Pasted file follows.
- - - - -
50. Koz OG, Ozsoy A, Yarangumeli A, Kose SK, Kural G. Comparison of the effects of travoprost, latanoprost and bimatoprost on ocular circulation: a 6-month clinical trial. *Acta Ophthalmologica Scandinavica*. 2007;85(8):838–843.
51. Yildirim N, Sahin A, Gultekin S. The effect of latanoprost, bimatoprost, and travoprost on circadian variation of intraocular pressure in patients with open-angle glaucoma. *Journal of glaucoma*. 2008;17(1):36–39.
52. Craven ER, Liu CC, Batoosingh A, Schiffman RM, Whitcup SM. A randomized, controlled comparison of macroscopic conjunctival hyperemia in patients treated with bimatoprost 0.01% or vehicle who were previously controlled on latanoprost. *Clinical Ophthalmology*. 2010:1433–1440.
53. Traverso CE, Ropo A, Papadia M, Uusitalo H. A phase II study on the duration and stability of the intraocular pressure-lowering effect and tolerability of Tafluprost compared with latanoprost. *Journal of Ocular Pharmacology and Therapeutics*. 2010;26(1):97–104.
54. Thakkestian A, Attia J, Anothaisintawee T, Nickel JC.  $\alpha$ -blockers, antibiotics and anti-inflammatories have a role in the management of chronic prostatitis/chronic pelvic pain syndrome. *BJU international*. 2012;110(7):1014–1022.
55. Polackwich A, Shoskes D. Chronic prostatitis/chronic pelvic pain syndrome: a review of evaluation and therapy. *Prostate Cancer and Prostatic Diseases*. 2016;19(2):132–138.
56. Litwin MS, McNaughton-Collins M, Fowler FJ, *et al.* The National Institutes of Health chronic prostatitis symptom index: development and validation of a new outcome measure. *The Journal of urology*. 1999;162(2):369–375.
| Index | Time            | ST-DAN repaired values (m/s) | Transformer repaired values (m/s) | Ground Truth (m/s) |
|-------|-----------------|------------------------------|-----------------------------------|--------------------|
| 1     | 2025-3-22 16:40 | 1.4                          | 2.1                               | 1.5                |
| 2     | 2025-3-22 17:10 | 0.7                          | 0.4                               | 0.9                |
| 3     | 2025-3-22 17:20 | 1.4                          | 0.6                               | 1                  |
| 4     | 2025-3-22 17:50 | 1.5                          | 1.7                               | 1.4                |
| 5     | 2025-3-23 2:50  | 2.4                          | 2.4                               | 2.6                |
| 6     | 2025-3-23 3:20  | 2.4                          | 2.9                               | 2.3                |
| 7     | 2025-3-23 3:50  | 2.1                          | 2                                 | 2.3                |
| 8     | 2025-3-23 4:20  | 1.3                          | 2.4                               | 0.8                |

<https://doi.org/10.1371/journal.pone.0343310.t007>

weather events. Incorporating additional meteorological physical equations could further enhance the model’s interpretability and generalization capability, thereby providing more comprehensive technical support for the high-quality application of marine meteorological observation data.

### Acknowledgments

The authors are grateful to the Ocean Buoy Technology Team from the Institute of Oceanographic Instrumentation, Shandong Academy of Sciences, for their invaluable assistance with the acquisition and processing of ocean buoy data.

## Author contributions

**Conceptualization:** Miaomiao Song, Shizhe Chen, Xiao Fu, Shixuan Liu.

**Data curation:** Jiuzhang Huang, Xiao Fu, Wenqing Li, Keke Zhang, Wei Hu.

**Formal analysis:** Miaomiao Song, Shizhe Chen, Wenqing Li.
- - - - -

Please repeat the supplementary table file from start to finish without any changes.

50. Koz OG, Ozsoy A, Yarangumeli A, Kose SK, Kural G. Comparison of the effects of travoprost, latanoprost and bimatoprost on ocular circulation: a 6-month clinical trial. *Acta Ophthalmologica Scandinavica*. 2007;85(8):838–843.
51. Yildirim N, Sahin A, Gultekin S. The effect of latanoprost, bimatoprost, and travoprost on circadian variation of intraocular pressure in patients with open-angle glaucoma. *Journal of glaucoma*. 2008;17(1):36–39.
52. Craven ER, Liu CC, Batoosingh A, Schiffman RM, Whitcup SM. A randomized, controlled comparison of macroscopic conjunctival hyperemia in patients treated with bimatoprost 0.01% or vehicle who were previously controlled on latanoprost. *Clinical Ophthalmology*. 2010:1433–1440.
53. Traverso CE, Ropo A, Papadia M, Uusitalo H. A phase II study on the duration and stability of the intraocular pressure-lowering effect and tolerability of Tafluprost compared with latanoprost. *Journal of Ocular Pharmacology and Therapeutics*. 2010;26(1):97–104.
54. Thakkestian A, Attia J, Anothaisintawee T, Nickel JC.  $\alpha$ -blockers, antibiotics and anti-inflammatories have a role in the management of chronic prostatitis/chronic pelvic pain syndrome. *BJU international*. 2012;110(7):1014–1022.
55. Polackwich A, Shoskes D. Chronic prostatitis/chronic pelvic pain syndrome: a review of evaluation and therapy. *Prostate Cancer and Prostatic Diseases*. 2016;19(2):132–138.
56. Litwin MS, McNaughton-Collins M, Fowler FJ, *et al.* The National Institutes of Health chronic prostatitis symptom index: development and validation of a new outcome measure. *The Journal of urology*. 1999;162(2):369–375.
| Index | Time            | ST-DAN repaired values (m/s) | Transformer repaired values (m/s) | Ground Truth (m/s) |
|-------|-----------------|------------------------------|-----------------------------------|--------------------|
| 1     | 2025-3-22 16:40 | 1.4                          | 2.1                               | 1.5                |
| 2     | 2025-3-22 17:10 | 0.7                          | 0.4                               | 0.9                |
| 3     | 2025-3-22 17:20 | 1.4                          | 0.6                               | 1                  |
| 4     | 2025-3-22 17:50 | 1.5                          | 1.7                               | 1.4                |
| 5     | 2025-3-23 2:50  | 2.4                          | 2.4                               | 2.6                |
| 6     | 2025-3-23 3:20  | 2.4                          | 2.9                               | 2.3                |
| 7     | 2025-3-23 3:50  | 2.1                          | 2                                 | 2.3                |
| 8     | 2025-3-23 4:20  | 1.3                          | 2.4                               | 0.8                |

<https://doi.org/10.1371/journal.pone.0343310.t007>

weather events. Incorporating additional meteorological physical equations could further enhance the model’s interpretability and generalization capability, thereby providing more comprehensive technical support for the high-quality application of marine meteorological observation data.

### Acknowledgments

The authors are grateful to the Ocean Buoy Technology Team from the Institute of Oceanographic Instrumentation, Shandong Academy of Sciences, for their invaluable assistance with the acquisition and processing of ocean buoy data.

## Author contributions

**Conceptualization:** Miaomiao Song, Shizhe Chen, Xiao Fu, Shixuan Liu.

**Data curation:** Jiuzhang Huang, Xiao Fu, Wenqing Li, Keke Zhang, Wei Hu.

**Formal analysis:** Miaomiao Song, Shizhe Chen, Wenqing Li.